”Erskine’s history included five pennants with the Dodgers and one narrowly missed brush with infamy. On October 3, 1951, he was warming up in the bottom of the ninth inning at the Polo Grounds alongside Ralph Branca, with the pennant at stake against the Giants. Manager Charlie Dressen called to the bullpen and asked a coach, Clyde Sukeforth, which pitcher looked better.

    Dressen liked the curveball; he would say of the slider, disdainfully: “They slide in and slide out of the ballpark.” But when Sukeforth reported that Erskine was bouncing his curve, Dressen chose Branca.

    “People say, ‘Carl, what was your best pitch in your 12 major league seasons?’ ” Erskine says with a laugh. “I say it was a curveball I bounced in the bullpen at the Polo Grounds. It could have been me.”

    Instead it was Branca who threw the fateful fastball that Bobby Thomson lashed into the left field seats—the celebrated “Shot Heard ’Round the World” that gave the Giants the pennant. We’ll never know how Thomson might have handled Erskine’s curve, but the Giants were stealing signs, so he might have hit that, too.

    In any case, it was around this time that Erskine’s pitch all but buried the tired debate about its veracity.

    “TV came in around the late ’40s and there was a show early on, Burgess Meredith was the emcee, called Omnibus,” Erskine explains. “They sent a crew to Ebbets Field one day and they asked for me and Preacher Roe, who was a left-hander who threw an overhand curve, to come out early. The purpose was to film us throwing a curveball, and to prove or disprove whether a ball actually curved.

    “So we got ready to go out there, and I took a new baseball and scuffed it up a little bit in order to make sure I had good bite on it. So I warmed up and the director of this film stood behind me and said, ‘I’m not a baseball guy, so I don’t know what I’m looking for here. Could you throw me a couple of curveballs so I could see what it is I’m trying to film?’ So with this scuffed-up baseball I threw an overhand curveball and it broke big. And this director says, ‘My God, is there any doubt?’ So he was a novice at seeing pitches, but the first one he saw: ‘Holy cow! There’s no question!’“

    So they put that show on, Preacher threw from the left side and I threw of course from the right side, and then they used this dotted line that was superimposed somehow on the film. And you could basically say, well, there is no doubt: yes, a rotating pitch can break out of a straight line and be a curveball.”

    As Erskine described the mechanics of the curveball, he spoke of using the middle finger to apply pressure to the ball, lead the wrist, and help generate tight rotation. The index finger is almost in the way, he said, which reminded him of a character he met in the “3- I” League (Iowa, Indiana, Illinois), where he played in 1946 and ’47.

    “One of the greatest all- time pitchers that I met when I was in the minor leagues was Mordecai Brown,” Erskine says. “He lived in the Terre Haute House—that was the Phillies’ affiliate—and he would come down and talk to us in the lobby, show us his hand, where he had this farm accident and it took away not only his first finger of his right hand, it even took the knuckle. So he had a hand that had three fingers—naturally, his nickname was ‘Three Finger’ Brown—and it gave him the ultimate best use of that second finger for the curveball, because the first finger was out of the way completely.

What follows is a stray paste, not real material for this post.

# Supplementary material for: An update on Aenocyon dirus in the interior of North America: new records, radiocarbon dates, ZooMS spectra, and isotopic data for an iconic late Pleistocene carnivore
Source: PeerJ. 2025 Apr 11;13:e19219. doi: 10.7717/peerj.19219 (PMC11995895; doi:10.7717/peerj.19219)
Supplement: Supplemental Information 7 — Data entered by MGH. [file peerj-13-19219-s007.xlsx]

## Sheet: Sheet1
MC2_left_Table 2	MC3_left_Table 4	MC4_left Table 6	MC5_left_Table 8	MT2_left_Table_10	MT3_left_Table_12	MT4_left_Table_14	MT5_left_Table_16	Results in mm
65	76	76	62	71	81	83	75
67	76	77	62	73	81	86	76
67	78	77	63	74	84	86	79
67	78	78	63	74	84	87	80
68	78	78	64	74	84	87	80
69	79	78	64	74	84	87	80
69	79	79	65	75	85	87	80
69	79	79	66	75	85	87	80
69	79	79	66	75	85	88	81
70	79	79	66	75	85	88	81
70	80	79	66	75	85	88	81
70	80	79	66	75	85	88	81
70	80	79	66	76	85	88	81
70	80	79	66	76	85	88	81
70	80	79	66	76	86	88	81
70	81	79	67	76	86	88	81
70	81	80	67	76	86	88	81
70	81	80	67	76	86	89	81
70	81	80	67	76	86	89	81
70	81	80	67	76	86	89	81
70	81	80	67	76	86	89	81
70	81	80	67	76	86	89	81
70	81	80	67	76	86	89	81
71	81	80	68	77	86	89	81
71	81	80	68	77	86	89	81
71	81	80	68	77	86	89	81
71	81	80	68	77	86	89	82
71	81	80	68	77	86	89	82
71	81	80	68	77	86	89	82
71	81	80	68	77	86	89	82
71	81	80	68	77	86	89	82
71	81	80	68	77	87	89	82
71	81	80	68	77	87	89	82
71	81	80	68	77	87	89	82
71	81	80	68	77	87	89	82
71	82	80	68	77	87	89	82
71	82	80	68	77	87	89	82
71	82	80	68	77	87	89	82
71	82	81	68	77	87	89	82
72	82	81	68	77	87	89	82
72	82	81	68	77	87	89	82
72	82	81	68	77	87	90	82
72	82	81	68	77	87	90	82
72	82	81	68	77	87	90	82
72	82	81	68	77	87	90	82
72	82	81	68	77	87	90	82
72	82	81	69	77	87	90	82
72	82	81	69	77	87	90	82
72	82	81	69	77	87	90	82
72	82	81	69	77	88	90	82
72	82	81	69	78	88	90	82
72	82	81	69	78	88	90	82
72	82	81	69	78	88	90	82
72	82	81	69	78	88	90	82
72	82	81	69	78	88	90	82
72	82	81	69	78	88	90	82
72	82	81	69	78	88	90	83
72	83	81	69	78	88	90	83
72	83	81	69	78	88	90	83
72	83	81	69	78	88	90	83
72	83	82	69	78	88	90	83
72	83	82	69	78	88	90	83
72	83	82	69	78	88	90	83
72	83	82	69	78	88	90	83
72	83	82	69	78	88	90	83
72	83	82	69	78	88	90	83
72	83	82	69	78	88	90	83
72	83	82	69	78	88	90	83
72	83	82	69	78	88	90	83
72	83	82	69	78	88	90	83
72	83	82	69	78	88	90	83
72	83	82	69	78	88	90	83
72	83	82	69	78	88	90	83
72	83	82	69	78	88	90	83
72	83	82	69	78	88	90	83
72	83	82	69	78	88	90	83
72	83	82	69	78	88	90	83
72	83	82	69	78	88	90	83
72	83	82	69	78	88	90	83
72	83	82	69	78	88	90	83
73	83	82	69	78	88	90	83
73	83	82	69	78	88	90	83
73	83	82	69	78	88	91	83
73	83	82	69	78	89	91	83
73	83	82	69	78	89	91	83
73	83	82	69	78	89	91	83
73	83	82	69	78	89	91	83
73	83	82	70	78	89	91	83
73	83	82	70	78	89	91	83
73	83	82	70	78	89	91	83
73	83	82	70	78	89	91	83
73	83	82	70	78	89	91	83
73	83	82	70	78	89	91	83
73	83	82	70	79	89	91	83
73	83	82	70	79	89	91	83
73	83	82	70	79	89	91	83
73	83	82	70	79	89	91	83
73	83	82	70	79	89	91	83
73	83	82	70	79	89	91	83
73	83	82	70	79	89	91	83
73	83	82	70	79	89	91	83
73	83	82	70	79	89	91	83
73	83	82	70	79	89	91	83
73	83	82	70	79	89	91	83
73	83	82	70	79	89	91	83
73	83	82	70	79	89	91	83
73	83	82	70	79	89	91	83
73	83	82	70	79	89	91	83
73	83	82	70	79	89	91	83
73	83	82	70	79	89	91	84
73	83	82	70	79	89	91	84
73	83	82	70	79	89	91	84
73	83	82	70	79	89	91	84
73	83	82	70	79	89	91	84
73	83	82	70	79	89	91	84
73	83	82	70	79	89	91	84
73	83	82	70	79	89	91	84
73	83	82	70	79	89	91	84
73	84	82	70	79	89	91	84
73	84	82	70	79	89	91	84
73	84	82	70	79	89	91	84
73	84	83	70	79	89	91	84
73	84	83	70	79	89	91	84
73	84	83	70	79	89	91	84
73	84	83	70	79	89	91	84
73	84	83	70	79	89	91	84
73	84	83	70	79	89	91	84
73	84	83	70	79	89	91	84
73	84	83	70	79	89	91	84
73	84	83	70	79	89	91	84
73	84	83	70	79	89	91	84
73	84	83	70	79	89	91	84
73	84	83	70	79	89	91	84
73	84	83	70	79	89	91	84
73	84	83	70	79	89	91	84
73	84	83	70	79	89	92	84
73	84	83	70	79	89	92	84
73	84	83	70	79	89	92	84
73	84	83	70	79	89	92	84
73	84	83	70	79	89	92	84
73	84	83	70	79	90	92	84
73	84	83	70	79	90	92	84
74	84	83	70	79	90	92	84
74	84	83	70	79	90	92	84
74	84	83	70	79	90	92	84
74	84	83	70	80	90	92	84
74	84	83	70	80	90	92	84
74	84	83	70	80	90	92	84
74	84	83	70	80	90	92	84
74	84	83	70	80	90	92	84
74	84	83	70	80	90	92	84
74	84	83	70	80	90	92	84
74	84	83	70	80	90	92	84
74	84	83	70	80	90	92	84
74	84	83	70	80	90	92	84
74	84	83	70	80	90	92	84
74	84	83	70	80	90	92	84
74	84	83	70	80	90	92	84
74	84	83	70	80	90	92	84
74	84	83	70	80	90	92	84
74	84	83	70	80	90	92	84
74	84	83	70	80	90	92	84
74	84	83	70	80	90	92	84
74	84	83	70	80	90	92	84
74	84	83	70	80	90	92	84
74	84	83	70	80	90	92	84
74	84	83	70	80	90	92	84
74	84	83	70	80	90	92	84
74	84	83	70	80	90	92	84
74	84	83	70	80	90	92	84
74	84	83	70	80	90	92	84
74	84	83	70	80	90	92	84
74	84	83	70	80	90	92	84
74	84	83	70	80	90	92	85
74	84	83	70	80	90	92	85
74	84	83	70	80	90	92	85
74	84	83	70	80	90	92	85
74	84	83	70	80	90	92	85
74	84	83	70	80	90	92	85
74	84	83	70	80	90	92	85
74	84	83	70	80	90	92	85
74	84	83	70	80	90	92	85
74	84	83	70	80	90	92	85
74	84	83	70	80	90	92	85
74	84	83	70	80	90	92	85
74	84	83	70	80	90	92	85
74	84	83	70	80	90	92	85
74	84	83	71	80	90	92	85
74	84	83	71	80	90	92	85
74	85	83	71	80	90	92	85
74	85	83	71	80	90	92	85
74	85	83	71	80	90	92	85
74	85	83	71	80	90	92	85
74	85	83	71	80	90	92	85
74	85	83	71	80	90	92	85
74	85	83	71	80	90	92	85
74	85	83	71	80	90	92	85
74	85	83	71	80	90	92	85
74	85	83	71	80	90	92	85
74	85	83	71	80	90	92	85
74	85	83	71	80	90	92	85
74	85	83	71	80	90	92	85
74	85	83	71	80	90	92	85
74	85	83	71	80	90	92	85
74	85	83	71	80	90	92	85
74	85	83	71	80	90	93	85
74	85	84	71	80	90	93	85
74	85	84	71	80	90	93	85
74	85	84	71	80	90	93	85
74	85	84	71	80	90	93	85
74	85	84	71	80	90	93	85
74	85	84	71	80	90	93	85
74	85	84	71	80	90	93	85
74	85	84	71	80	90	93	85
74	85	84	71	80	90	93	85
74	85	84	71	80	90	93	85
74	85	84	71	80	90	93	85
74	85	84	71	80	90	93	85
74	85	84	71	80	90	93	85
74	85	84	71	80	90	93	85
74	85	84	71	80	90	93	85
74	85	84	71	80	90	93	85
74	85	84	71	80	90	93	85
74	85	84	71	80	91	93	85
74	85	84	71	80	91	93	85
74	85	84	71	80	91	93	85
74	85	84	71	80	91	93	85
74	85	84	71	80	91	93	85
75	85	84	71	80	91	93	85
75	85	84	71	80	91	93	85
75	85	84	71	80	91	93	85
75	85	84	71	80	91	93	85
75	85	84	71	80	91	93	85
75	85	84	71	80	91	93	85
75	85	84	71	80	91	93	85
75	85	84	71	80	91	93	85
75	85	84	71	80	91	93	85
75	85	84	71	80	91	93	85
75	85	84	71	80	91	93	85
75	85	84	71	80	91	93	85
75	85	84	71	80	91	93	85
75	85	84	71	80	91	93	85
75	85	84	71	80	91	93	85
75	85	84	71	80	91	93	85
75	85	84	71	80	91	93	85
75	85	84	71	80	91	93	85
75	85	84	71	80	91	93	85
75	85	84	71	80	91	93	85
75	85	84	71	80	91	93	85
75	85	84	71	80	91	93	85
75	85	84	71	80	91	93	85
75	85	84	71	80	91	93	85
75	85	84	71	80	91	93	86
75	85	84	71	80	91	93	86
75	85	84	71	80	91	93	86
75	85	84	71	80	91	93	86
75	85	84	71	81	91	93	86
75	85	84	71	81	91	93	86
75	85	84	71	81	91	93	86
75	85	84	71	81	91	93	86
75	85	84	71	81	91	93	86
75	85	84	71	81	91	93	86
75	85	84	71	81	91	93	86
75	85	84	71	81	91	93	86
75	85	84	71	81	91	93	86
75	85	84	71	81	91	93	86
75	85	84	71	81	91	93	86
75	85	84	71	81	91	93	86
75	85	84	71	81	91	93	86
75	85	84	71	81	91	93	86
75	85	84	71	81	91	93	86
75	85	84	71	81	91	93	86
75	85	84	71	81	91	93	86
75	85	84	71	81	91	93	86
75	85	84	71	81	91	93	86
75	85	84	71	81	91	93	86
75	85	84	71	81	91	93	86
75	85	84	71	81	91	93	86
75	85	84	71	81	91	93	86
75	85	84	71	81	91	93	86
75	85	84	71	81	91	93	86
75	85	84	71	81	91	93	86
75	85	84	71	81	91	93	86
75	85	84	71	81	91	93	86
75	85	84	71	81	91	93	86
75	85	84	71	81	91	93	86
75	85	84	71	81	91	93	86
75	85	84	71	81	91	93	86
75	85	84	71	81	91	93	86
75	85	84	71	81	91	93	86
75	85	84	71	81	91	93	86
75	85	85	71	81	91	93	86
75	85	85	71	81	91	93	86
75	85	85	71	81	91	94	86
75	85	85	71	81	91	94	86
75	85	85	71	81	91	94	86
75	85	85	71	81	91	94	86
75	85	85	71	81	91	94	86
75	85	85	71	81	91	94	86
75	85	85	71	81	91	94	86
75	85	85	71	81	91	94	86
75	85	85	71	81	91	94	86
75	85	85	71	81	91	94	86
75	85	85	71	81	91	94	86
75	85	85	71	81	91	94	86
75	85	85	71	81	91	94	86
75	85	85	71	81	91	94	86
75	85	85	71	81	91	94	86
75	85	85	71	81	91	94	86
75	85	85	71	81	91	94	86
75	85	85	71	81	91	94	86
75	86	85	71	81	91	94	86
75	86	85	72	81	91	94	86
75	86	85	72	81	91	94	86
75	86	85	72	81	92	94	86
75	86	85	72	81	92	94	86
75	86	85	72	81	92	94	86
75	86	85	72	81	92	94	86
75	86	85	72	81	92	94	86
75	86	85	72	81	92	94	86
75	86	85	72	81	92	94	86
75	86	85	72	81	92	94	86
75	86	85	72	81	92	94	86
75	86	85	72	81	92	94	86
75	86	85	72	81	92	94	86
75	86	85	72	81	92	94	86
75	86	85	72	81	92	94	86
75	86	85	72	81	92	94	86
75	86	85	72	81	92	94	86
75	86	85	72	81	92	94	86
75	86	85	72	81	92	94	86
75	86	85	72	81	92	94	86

“He was a real gentleman, always dressed in a shirt and tie. Naturally, an old gentleman by that time, and we were just kids in the minors. But we were fascinated to talk to him, and he was anxious to show us his hand, tell us how he learned to pitch without the first finger, or even the first knuckle. It gave him the ultimate advantage if you want to throw that curveball with lots of tight rotation. The second finger became his first finger. So he must have had a wicked curveball.”

    Indeed he did, and his story captivated fans. Mordecai was five years old, helping his brother cut food for horses at their uncle’s farm in Nyesville, Indiana, when his right hand slipped into the feed chopper. The accident mangled every finger, and a doctor amputated the index finger below the second joint. A few weeks later, his hand still in a splint, Mordecai and his sister were playing with a pet rabbit, trying to make it swim in a tub. Mordecai lost his balance and smashed his hand on the bottom of the tub, breaking six bones.

    It was a brutally painful, almost slapstick way to form the perfectly gnarled curveball hand. Nobody could mimic Brown’s curveball.

    “When Brown holds the ball in that chicken’s foot of a hand and throws it out over that stump, the sphere is given a peculiar twist,” wrote the Chicago Inter Ocean in 1910, at the height of Brown’s fame with the Cubs. “It behaves something like a spitter. It goes singing up to the plate, straight as a drawn string, then just as the batter strikes at it, it darts down like a snake to its hole.”

    On his way to the Hall of Fame, Brown went 49-15 with a 1.44 ERA across the 1907 and 1908 seasons. He won all three of his World Series games in those years, allowing no earned runs over 20 innings to lead the Cubs to consecutive championships. He died in 1948, shortly after he would have met the young Carl Erskine.

    K: A History of Baseball in Ten Pitches by Tyler Kepner

    From K: A HISTORY OF BASEBALL IN TEN PITCHES by Tyler Kepner. Used with permission of the publisher, DOUBLEDAY. Copyright © 2019 by Tyler Kepner.

    Tyler Kepner
    Tyler Kepner
    Tyler Kepner started covering baseball as a teenager, interviewing players for a homemade magazine that was featured in The New York Times in 1989. He attended Vanderbilt University on the Grantland Rice/Fred Russell sportswriting scholarship, then covered the Angels for the Riverside (Calif.) Press-Enterprise and the Mariners for the Seattle Post-Intelligencer. He joined The New York Times in 2000, covering the Mets for two seasons, the Yankees for eight, and serving as the national baseball writer since 2010.